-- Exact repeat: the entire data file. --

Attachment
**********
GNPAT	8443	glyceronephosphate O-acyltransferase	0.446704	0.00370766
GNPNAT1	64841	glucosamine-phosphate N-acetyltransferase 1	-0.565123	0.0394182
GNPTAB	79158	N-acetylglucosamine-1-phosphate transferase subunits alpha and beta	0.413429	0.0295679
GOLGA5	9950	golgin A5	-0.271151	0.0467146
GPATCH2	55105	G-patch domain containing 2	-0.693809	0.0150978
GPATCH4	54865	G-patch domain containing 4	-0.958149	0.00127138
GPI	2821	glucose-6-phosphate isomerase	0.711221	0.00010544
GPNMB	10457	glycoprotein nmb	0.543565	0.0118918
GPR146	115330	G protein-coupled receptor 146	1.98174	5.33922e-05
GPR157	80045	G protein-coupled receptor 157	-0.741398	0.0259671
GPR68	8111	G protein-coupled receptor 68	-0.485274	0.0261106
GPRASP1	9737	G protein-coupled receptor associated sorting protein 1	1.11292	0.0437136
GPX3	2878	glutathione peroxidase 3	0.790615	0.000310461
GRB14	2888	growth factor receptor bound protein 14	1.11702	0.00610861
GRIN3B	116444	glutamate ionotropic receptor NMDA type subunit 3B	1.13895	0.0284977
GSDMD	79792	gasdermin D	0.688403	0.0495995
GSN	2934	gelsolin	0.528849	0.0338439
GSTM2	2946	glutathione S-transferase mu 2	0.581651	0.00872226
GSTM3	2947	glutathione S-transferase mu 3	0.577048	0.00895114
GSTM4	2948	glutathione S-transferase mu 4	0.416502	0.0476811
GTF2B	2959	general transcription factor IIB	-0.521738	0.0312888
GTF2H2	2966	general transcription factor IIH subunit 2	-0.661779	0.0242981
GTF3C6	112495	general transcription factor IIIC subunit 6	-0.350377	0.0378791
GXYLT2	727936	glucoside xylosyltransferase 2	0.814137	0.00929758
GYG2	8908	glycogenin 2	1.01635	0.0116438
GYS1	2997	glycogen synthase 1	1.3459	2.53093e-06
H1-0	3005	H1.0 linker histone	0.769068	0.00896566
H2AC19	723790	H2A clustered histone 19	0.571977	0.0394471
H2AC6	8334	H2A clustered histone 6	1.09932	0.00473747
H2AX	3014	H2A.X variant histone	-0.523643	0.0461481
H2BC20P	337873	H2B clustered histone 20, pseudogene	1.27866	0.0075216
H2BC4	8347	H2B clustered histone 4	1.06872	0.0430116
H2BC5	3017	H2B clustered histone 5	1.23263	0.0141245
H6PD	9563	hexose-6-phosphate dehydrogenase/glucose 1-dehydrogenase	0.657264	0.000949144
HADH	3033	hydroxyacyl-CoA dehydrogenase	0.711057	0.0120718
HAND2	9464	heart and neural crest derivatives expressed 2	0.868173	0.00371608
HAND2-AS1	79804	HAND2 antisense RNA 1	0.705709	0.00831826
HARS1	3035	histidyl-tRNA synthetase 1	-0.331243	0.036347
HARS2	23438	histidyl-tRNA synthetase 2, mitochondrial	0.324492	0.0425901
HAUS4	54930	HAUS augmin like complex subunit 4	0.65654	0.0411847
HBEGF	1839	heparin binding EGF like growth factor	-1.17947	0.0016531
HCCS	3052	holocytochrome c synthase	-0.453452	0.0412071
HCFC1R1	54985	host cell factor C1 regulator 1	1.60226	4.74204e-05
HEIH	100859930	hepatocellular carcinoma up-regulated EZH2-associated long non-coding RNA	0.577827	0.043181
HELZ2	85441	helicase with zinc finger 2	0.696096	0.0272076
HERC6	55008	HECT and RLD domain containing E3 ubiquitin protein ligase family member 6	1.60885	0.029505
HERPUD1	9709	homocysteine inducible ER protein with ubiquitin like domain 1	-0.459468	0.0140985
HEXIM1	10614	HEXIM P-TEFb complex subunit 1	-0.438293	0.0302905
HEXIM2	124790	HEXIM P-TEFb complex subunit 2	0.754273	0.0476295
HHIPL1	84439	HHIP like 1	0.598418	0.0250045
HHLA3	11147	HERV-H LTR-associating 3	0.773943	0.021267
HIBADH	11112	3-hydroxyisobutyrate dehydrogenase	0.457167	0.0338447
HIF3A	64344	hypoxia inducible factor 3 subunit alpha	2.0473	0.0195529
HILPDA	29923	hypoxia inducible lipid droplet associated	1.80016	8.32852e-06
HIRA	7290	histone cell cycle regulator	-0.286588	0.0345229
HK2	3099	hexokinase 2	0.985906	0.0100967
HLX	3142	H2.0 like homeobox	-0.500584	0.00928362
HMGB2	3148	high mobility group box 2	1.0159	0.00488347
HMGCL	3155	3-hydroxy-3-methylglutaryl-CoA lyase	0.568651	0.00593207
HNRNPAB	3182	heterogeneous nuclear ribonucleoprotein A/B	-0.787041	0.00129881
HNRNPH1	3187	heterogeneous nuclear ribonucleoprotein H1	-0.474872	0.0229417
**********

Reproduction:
GNPAT	8443	glyceronephosphate O-acyltransferase	0.446704	0.00370766
GNPNAT1	64841	glucosamine-phosphate N-acetyltransferase 1	-0.565123	0.0394182
GNPTAB	79158	N-acetylglucosamine-1-phosphate transferase subunits alpha and beta	0.413429	0.0295679
GOLGA5	9950	golgin A5	-0.271151	0.0467146
GPATCH2	55105	G-patch domain containing 2	-0.693809	0.0150978
GPATCH4	54865	G-patch domain containing 4	-0.958149	0.00127138
GPI	2821	glucose-6-phosphate isomerase	0.711221	0.00010544
GPNMB	10457	glycoprotein nmb	0.543565	0.0118918
GPR146	115330	G protein-coupled receptor 146	1.98174	5.33922e-05
GPR157	80045	G protein-coupled receptor 157	-0.741398	0.0259671
GPR68	8111	G protein-coupled receptor 68	-0.485274	0.0261106
GPRASP1	9737	G protein-coupled receptor associated sorting protein 1	1.11292	0.0437136
GPX3	2878	glutathione peroxidase 3	0.790615	0.000310461
GRB14	2888	growth factor receptor bound protein 14	1.11702	0.00610861
GRIN3B	116444	glutamate ionotropic receptor NMDA type subunit 3B	1.13895	0.0284977
GSDMD	79792	gasdermin D	0.688403	0.0495995
GSN	2934	gelsolin	0.528849	0.0338439
GSTM2	2946	glutathione S-transferase mu 2	0.581651	0.00872226
GSTM3	2947	glutathione S-transferase mu 3	0.577048	0.00895114
GSTM4	2948	glutathione S-transferase mu 4	0.416502	0.0476811
GTF2B	2959	general transcription factor IIB	-0.521738	0.0312888
GTF2H2	2966	general transcription factor IIH subunit 2	-0.661779	0.0242981
GTF3C6	112495	general transcription factor IIIC subunit 6	-0.350377	0.0378791
GXYLT2	727936	glucoside xylosyltransferase 2	0.814137	0.00929758
GYG2	8908	glycogenin 2	1.01635	0.0116438
GYS1	2997	glycogen synthase 1	1.3459	2.53093e-06
H1-0	3005	H1.0 linker histone	0.769068	0.00896566
H2AC19	723790	H2A clustered histone 19	0.571977	0.0394471
H2AC6	8334	H2A clustered histone 6	1.09932	0.00473747
H2AX	3014	H2A.X variant histone	-0.523643	0.0461481
H2BC20P	337873	H2B clustered histone 20, pseudogene	1.27866	0.0075216
H2BC4	8347	H2B clustered histone 4	1.06872	0.0430116
H2BC5	3017	H2B clustered histone 5	1.23263	0.0141245
H6PD	9563	hexose-6-phosphate dehydrogenase/glucose 1-dehydrogenase	0.657264	0.000949144
HADH	3033	hydroxyacyl-CoA dehydrogenase	0.711057	0.0120718
HAND2	9464	heart and neural crest derivatives expressed 2	0.868173	0.00371608
HAND2-AS1	79804	HAND2 antisense RNA 1	0.705709	0.00831826
HARS1	3035	histidyl-tRNA synthetase 1	-0.331243	0.036347
HARS2	23438	histidyl-tRNA synthetase 2, mitochondrial	0.324492	0.0425901
HAUS4	54930	HAUS augmin like complex subunit 4	0.65654	0.0411847
HBEGF	1839	heparin binding EGF like growth factor	-1.17947	0.0016531
HCCS	3052	holocytochrome c synthase	-0.453452	0.0412071
HCFC1R1	54985	host cell factor C1 regulator 1	1.60226	4.74204e-05
HEIH	100859930	hepatocellular carcinoma up-regulated EZH2-associated long non-coding RNA	0.577827	0.043181
HELZ2	85441	helicase with zinc finger 2	0.696096	0.0272076
HERC6	55008	HECT and RLD domain containing E3 ubiquitin protein ligase family member 6	1.60885	0.029505
HERPUD1	9709	homocysteine inducible ER protein with ubiquitin like domain 1	-0.459468	0.0140985
HEXIM1	10614	HEXIM P-TEFb complex subunit 1	-0.438293	0.0302905
HEXIM2	124790	HEXIM P-TEFb complex subunit 2	0.754273	0.0476295
HHIPL1	84439	HHIP like 1	0.598418	0.0250045
HHLA3	11147	HERV-H LTR-associating 3	0.773943	0.021267
HIBADH	11112	3-hydroxyisobutyrate dehydrogenase	0.457167	0.0338447
HIF3A	64344	hypoxia inducible factor 3 subunit alpha	2.0473	0.0195529
HILPDA	29923	hypoxia inducible lipid droplet associated	1.80016	8.32852e-06
HIRA	7290	histone cell cycle regulator	-0.286588	0.0345229
HK2	3099	hexokinase 2	0.985906	0.0100967
HLX	3142	H2.0 like homeobox	-0.500584	0.00928362
HMGB2	3148	high mobility group box 2	1.0159	0.00488347
HMGCL	3155	3-hydroxy-3-methylglutaryl-CoA lyase	0.568651	0.00593207
HNRNPAB	3182	heterogeneous nuclear ribonucleoprotein A/B	-0.787041	0.00129881
HNRNPH1	3187	heterogeneous nuclear ribonucleoprotein H1	-0.474872	0.0229417